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How to Make a Career Change

By Charlotte Davies

The information presented here is true and accurate as of the date of publication. DeVry’s programmatic offerings and their accreditations are subject to change. Please refer to the current academic catalog for details.
July 28, 2022
4 min read

Building your career isn't always a linear path, and sometimes you might find that your interests or a newly developed skill can take you on an unexpected and exciting turn.

While everyone’s journey toward a career change is different, and there’s no one-size-fits-all strategy that works for everyone, here are some general tips for how to change careers that can help you get started.

Identify What You Want

Before jumping into a job search, take some time to think about what you want from your career change.

Knowing your non-negotiables is essential to identifying what you’re looking for in a job: are you a person who logs off on time at the end of the day, or are you okay with working overtime to meet a deadline? Do you want an onsite job or do you prefer to work from home? The best way to begin your search is knowing what you don’t want to compromise on and working on finding a job that fits your life, not the other way around.

Whether it’s a move to a different industry, more flexibility in your schedule or a job that aligns with your values and creates a culture of belonging, being very clear and honest with yourself about what you’re looking for can help you evaluate job openings with a critical eye. You might also make a meaningful career out of doing something that you love. Examine your interests to see if there’s a way to make a career change out of pursuing your passions.

Evaluate Your Strengths and Experiences

Review your past experiences and strengths. Ask yourself, what did you do for your last team that made you indispensable? What traits or skills are you bringing to your future roles? Knowing your strengths and being able to talk about them in detail can be useful, especially if you’re looking to switch industries, where you might not have previous experience. Look for any transferable skills you can highlight, but be sure to also identify areas where you can work on building your abilities or where you need to upskill.


To help you get a feel for what an industry might be like to work in and what to expect, meet up for coffee or have informal chats with people who work in the roles you’re looking to get into. Find connections through your personal contacts or reach out to people on professional sites like LinkedIn.

The idea of booking time with someone you don’t know can be nerve-wracking or feel intrusive, but try to look at it as an opportunity to learn. “Reach out to people who are doing what you want to do and ask if they have some time to talk about their career paths,” career coach Christy Noel advises, “the goal of information interviews isn’t to pitch yourself, but rather to learn as much as you can".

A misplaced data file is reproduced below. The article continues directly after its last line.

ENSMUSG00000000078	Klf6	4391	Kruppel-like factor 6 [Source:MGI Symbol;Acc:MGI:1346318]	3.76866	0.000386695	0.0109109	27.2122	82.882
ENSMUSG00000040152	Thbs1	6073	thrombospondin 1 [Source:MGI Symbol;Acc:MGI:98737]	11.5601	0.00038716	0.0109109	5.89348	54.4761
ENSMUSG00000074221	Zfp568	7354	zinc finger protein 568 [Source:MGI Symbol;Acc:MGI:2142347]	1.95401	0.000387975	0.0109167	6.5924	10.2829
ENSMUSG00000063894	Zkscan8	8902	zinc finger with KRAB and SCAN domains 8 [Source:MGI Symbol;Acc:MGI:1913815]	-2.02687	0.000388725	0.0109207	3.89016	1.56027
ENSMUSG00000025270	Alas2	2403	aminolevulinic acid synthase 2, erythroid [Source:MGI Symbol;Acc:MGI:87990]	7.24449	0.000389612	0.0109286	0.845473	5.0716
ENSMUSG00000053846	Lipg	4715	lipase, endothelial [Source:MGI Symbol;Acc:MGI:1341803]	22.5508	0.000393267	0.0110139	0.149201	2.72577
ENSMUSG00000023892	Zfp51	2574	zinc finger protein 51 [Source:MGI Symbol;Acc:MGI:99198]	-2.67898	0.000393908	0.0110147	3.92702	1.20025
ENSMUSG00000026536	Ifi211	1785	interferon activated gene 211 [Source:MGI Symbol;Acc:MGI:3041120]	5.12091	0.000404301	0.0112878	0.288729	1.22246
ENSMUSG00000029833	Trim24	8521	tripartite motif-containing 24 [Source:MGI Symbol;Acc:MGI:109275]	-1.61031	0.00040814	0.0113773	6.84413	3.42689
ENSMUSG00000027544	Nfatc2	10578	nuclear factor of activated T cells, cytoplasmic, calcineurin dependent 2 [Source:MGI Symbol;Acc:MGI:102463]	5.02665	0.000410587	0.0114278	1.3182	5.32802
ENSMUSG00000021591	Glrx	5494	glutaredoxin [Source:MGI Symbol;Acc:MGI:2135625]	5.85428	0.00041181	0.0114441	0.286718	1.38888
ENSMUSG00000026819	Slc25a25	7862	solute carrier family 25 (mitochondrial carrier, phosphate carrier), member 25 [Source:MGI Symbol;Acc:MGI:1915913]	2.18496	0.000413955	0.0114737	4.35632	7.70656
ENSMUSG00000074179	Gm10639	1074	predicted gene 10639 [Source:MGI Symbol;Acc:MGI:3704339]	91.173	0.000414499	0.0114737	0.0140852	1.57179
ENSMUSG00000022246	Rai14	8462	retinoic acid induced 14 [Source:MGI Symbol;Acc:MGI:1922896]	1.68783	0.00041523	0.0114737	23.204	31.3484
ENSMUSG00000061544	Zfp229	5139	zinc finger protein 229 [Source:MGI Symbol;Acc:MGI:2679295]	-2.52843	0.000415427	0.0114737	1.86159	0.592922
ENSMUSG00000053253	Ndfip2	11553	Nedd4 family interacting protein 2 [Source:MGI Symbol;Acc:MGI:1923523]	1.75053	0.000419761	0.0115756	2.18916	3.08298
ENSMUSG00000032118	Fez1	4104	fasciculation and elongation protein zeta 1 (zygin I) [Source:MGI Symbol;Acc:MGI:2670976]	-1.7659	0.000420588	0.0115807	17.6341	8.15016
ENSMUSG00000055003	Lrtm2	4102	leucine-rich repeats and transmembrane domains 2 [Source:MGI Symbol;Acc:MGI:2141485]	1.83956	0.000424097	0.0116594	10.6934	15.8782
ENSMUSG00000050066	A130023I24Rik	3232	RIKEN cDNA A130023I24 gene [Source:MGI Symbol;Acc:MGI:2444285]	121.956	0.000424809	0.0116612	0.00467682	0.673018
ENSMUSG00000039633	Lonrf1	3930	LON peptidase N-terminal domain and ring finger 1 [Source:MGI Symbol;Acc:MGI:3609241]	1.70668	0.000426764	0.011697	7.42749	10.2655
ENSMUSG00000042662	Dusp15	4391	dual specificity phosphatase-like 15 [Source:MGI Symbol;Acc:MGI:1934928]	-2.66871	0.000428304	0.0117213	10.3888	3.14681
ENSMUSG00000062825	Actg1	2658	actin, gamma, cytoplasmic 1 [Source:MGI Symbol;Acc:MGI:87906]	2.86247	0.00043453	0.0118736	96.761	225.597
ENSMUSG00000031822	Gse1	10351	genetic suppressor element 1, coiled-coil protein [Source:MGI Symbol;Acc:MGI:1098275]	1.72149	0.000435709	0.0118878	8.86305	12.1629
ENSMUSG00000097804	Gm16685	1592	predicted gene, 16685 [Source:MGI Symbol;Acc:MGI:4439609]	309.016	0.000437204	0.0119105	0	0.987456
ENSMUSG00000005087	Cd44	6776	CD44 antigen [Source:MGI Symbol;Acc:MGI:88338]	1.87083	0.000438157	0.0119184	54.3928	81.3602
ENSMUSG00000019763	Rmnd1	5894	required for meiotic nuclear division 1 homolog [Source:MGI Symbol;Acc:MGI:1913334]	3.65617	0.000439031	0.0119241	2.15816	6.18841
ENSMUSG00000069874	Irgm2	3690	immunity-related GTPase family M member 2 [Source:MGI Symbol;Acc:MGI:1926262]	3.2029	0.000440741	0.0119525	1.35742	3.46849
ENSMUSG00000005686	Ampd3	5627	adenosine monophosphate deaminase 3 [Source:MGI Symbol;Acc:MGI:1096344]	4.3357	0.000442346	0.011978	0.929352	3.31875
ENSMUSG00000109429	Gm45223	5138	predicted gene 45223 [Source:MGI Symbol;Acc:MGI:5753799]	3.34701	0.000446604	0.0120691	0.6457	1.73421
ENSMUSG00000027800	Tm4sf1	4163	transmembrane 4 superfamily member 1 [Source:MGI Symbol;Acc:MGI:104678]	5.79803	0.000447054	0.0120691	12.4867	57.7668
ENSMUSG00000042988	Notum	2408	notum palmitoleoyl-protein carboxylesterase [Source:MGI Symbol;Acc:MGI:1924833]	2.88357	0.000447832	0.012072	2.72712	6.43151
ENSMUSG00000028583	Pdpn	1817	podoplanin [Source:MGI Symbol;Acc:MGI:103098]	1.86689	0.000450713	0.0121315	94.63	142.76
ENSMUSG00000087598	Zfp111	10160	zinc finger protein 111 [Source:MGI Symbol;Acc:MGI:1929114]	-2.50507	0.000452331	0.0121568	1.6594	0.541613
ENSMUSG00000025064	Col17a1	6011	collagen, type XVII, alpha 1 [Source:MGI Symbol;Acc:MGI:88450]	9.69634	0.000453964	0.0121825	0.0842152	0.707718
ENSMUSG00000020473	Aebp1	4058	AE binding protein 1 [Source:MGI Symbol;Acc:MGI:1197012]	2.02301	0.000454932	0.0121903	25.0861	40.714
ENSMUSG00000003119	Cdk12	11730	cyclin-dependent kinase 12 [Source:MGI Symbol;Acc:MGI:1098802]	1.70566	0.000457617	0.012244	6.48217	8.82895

Gain Experience Through Volunteering or Freelance Work

Volunteering or doing freelance work is a great way to get your feet wet in an industry, and can give you experience to highlight on your resume as well as show future employers that you have initiative and a willingness to learn.

This can also help you learn what it’s like to do a job hands-on, what kinds of environment you’d be working in or maybe highlight job characteristics that you weren’t aware of before. Trying new things brings with it the potential to discover something you love, but it can also help you cross things off your list. Be patient and allow yourself room to explore and grow.

Take Classes or Earn a Degree

Sometimes, a career change means identifying knowledge gaps. Write down the steps that you’ll need to take to get yourself from where you are to where you want to be.

Taking classes or earning a certificate, can be a great way to fill in important skills and gain useful insight into a career path. If you’re looking to move within your current company, ask about any tuition reimbursement programs or education partnerships they have, or consider taking online courses to help you earn your degree in an entirely new field without disrupting your current schedule.

Be Patient

A job hunt is a marathon, not a sprint. While it might take some practice, try to be patient while you wait for the right opportunity to come along.

In the meantime, celebrate your wins and take time for self-care. Keep yourself going by continuing to search on job boards, keeping your current skills fresh and taking the time to learn new ones.

Learn Industry-Relevant Skills at DeVry

Making a career change can be easier than you might think – and we can help. We offer undergraduate and graduate-level programs in a variety of industries, including healthcare, business, technology and more. The best part? You can earn your certificate or degree 100% online, allowing you to fit your education into your schedule. Classes start every 8 weeks.

8-Week Class Sessions

Classes Start Every 8 Weeks

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